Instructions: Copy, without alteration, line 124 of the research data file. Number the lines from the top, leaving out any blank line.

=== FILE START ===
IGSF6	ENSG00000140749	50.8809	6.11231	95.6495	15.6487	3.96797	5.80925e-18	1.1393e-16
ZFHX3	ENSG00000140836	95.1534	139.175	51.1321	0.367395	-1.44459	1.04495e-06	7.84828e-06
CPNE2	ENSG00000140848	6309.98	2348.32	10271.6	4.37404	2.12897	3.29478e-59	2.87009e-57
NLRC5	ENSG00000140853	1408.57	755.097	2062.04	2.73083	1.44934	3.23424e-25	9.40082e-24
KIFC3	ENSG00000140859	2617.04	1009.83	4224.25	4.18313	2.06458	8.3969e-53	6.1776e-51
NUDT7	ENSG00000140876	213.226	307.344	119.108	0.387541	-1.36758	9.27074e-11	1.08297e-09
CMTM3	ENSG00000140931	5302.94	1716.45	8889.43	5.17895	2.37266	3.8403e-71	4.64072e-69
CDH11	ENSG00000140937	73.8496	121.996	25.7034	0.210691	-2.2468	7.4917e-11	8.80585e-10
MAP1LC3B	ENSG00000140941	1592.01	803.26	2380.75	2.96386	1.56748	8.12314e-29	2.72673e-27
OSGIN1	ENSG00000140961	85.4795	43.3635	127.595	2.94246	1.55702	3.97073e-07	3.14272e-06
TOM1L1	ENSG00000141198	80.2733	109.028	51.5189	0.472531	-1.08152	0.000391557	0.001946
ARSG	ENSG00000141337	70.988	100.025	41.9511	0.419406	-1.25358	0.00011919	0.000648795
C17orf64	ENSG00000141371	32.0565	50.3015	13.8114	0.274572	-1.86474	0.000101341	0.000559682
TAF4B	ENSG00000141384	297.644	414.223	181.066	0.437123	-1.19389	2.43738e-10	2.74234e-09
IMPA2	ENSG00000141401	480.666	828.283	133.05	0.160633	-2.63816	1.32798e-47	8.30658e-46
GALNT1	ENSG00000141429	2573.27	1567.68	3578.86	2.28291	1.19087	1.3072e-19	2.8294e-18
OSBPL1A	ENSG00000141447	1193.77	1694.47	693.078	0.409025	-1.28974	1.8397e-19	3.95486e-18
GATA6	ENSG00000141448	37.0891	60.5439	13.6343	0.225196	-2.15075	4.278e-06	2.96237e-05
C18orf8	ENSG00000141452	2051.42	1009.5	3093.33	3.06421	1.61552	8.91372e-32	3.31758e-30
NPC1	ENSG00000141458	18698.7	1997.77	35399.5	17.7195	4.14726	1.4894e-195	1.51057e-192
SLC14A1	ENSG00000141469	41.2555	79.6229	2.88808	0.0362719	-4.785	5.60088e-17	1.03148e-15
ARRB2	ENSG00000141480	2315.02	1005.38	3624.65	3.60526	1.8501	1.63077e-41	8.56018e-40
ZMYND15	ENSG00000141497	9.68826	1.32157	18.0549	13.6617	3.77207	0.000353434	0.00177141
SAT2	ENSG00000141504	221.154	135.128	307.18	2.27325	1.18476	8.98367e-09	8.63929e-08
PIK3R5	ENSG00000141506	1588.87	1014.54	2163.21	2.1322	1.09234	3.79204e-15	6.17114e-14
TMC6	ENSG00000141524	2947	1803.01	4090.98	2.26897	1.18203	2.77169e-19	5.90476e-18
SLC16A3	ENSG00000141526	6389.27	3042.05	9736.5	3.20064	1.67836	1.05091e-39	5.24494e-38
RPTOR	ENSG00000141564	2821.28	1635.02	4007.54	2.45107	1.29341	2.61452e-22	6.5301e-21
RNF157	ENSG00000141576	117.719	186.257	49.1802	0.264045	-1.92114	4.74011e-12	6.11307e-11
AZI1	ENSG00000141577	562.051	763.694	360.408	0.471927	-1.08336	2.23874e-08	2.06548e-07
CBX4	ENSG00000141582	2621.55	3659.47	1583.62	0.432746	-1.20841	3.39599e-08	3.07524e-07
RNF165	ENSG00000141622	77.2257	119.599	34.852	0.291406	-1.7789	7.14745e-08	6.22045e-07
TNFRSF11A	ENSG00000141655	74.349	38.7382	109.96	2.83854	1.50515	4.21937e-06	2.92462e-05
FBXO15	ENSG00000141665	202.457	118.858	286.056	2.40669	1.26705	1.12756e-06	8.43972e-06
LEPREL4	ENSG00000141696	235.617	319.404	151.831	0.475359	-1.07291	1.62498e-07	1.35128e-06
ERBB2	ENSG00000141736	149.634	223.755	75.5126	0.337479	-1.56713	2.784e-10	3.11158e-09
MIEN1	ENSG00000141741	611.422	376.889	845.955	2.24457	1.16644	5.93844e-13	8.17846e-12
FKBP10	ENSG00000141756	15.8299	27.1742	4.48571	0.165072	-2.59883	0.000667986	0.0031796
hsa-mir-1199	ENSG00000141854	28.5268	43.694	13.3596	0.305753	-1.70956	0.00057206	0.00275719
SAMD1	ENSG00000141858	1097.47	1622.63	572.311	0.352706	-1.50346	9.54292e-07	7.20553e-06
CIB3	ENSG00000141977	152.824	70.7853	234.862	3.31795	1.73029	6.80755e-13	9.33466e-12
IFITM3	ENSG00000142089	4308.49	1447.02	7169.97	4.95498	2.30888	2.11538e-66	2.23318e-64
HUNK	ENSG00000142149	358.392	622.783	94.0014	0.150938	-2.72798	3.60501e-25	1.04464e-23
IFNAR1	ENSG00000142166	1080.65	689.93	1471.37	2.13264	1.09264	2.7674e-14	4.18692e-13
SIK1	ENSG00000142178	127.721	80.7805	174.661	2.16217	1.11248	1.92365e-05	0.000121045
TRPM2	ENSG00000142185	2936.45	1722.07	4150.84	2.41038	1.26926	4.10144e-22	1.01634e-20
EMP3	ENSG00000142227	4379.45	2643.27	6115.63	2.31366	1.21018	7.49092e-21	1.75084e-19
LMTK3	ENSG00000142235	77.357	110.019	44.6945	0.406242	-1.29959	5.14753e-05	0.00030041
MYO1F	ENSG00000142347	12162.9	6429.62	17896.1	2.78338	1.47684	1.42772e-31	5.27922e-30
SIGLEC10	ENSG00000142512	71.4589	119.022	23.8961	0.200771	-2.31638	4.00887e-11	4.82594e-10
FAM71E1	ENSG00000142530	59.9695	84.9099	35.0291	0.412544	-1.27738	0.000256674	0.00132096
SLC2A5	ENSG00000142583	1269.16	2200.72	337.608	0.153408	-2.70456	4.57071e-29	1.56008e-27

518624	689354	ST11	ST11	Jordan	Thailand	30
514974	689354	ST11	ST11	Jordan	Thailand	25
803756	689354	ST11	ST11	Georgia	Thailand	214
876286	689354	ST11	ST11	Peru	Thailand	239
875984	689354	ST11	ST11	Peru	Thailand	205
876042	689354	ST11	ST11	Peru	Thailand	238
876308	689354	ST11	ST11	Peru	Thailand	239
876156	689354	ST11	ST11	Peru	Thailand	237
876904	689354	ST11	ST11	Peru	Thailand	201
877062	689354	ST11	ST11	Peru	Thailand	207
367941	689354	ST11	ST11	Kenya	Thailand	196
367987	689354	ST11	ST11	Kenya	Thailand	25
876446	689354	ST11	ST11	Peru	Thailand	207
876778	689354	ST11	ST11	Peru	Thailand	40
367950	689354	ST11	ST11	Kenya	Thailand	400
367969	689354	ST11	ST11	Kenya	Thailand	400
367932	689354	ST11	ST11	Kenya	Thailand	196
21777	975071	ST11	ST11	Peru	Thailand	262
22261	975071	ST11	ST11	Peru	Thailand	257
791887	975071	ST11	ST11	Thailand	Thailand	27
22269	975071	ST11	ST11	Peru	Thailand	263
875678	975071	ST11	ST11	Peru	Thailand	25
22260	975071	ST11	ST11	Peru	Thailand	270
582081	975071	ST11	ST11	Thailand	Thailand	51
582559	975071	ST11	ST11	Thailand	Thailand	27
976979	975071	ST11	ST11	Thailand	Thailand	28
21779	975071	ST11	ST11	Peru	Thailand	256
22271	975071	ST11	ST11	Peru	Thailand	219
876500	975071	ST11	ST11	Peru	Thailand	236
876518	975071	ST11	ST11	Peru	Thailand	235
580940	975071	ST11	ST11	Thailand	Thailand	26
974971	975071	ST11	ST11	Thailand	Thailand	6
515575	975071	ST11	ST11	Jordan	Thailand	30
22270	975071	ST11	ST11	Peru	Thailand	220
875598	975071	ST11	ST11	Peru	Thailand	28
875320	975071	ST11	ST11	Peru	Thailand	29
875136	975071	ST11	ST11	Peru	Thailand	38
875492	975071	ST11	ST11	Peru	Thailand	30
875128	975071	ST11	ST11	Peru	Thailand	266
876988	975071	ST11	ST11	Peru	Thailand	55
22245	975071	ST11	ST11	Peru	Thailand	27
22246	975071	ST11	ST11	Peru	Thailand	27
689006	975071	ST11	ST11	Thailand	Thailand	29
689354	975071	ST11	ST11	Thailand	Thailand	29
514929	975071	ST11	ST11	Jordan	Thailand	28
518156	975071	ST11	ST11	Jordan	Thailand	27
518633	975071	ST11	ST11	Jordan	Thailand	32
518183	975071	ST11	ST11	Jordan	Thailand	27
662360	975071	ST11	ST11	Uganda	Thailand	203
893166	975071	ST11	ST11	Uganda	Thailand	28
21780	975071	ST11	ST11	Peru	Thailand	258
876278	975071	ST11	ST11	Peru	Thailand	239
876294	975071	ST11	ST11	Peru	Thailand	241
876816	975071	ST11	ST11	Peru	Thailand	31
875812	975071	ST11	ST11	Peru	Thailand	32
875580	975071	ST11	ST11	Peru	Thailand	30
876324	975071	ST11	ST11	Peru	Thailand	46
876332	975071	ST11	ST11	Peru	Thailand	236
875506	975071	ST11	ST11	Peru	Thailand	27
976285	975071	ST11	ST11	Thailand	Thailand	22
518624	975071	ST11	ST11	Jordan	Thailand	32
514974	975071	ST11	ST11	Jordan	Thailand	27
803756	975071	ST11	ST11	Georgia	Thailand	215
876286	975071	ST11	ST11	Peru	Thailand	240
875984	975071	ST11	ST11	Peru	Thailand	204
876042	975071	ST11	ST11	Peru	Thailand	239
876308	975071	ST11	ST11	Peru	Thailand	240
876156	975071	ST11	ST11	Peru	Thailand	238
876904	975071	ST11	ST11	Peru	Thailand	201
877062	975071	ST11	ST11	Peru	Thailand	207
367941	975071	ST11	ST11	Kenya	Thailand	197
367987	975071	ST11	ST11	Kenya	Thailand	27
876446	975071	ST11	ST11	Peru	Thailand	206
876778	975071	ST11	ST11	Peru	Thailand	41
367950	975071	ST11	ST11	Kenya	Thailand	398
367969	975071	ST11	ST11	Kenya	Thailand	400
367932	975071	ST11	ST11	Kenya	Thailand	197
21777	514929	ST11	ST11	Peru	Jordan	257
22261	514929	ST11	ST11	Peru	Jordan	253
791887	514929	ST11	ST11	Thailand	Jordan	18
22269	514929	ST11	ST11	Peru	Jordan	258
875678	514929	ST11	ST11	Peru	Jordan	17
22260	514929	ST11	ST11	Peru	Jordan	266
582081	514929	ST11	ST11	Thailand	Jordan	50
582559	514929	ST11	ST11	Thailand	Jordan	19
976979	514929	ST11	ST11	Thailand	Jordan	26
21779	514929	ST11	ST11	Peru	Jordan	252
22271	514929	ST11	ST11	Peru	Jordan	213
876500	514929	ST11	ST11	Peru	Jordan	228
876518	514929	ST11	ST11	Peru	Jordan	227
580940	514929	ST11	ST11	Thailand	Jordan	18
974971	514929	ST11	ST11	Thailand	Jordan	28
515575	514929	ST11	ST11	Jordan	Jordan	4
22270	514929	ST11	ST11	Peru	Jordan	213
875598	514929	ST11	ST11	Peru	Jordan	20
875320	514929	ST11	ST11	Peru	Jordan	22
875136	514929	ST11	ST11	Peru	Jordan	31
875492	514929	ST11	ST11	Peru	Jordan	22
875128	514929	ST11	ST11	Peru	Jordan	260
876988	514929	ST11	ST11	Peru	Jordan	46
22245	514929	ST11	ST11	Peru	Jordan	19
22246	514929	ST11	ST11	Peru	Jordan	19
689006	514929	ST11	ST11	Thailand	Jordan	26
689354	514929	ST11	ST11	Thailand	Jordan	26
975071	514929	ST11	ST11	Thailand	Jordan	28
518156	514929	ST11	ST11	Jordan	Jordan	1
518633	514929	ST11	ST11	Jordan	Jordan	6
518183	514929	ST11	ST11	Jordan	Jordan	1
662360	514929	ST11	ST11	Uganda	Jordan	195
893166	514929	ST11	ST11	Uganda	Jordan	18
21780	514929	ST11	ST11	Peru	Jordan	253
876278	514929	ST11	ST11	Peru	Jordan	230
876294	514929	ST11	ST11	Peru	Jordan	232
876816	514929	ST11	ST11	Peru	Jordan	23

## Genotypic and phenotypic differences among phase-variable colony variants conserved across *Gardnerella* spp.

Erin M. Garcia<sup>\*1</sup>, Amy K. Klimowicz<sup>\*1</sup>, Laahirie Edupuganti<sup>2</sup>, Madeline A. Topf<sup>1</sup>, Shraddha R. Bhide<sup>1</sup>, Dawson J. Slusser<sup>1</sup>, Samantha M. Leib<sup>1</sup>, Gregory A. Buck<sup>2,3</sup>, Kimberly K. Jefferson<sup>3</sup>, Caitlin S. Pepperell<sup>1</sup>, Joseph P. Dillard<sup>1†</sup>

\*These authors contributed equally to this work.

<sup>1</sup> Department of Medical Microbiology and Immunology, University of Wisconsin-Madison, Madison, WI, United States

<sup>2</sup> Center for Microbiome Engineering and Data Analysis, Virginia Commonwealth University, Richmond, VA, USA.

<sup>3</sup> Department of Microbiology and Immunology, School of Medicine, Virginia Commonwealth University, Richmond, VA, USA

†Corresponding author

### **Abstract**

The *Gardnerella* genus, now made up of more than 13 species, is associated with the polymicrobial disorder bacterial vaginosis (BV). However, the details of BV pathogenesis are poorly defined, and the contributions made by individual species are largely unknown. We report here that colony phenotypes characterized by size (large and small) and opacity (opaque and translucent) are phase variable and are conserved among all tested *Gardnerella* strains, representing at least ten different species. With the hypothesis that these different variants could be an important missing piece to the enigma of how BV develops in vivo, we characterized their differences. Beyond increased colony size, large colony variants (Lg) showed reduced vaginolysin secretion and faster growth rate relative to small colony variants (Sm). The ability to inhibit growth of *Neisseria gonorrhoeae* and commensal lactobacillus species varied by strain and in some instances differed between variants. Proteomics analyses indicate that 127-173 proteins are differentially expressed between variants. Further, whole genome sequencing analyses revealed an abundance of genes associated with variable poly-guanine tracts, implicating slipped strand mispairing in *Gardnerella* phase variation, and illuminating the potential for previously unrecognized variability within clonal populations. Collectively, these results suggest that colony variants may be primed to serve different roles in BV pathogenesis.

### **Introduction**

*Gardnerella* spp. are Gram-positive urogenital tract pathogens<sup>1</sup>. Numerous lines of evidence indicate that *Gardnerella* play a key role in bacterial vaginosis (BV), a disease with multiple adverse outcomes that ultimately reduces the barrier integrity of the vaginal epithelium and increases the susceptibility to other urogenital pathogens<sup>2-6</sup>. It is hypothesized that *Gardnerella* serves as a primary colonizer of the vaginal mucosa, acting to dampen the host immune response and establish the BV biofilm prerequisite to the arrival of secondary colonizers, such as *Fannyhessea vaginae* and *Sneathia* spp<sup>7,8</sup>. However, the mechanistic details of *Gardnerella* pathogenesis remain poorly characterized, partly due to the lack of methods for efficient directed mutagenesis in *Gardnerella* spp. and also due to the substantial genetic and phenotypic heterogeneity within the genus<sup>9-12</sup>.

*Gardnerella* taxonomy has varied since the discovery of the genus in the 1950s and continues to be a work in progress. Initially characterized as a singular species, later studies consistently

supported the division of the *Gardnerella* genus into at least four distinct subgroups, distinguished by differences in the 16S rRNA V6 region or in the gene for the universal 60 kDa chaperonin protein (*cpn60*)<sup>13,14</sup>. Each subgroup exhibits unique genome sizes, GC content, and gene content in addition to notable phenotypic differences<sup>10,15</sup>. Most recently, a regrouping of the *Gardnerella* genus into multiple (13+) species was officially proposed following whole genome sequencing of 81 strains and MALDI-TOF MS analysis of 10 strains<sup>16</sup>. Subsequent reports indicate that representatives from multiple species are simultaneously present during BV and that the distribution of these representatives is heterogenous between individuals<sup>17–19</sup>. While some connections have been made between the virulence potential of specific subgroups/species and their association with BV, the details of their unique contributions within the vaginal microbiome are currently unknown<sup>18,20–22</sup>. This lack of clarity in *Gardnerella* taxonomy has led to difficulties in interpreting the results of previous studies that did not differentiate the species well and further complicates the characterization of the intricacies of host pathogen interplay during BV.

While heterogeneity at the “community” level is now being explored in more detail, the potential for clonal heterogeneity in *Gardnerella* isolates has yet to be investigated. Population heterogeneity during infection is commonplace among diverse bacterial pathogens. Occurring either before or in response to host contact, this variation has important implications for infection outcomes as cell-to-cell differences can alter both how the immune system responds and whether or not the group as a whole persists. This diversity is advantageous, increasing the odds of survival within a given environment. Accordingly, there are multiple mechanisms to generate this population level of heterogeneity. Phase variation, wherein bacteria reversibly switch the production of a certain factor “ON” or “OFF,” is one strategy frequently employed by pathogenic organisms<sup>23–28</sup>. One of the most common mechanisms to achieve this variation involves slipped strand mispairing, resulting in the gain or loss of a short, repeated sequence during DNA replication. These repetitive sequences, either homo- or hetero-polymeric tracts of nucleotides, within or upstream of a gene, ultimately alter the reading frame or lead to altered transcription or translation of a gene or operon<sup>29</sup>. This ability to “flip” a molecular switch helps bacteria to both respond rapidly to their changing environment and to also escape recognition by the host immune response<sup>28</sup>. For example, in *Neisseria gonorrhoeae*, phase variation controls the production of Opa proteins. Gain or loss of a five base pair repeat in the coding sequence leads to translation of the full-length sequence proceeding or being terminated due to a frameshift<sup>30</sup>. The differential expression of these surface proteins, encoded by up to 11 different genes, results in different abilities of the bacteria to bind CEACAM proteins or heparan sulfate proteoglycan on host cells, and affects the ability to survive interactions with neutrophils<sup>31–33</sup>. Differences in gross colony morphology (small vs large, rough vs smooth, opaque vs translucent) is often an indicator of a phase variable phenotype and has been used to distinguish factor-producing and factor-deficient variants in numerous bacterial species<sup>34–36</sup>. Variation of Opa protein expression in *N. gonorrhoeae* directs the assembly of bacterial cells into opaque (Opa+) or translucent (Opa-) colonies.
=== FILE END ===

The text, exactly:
367987	975071	ST11	ST11	Kenya	Thailand	27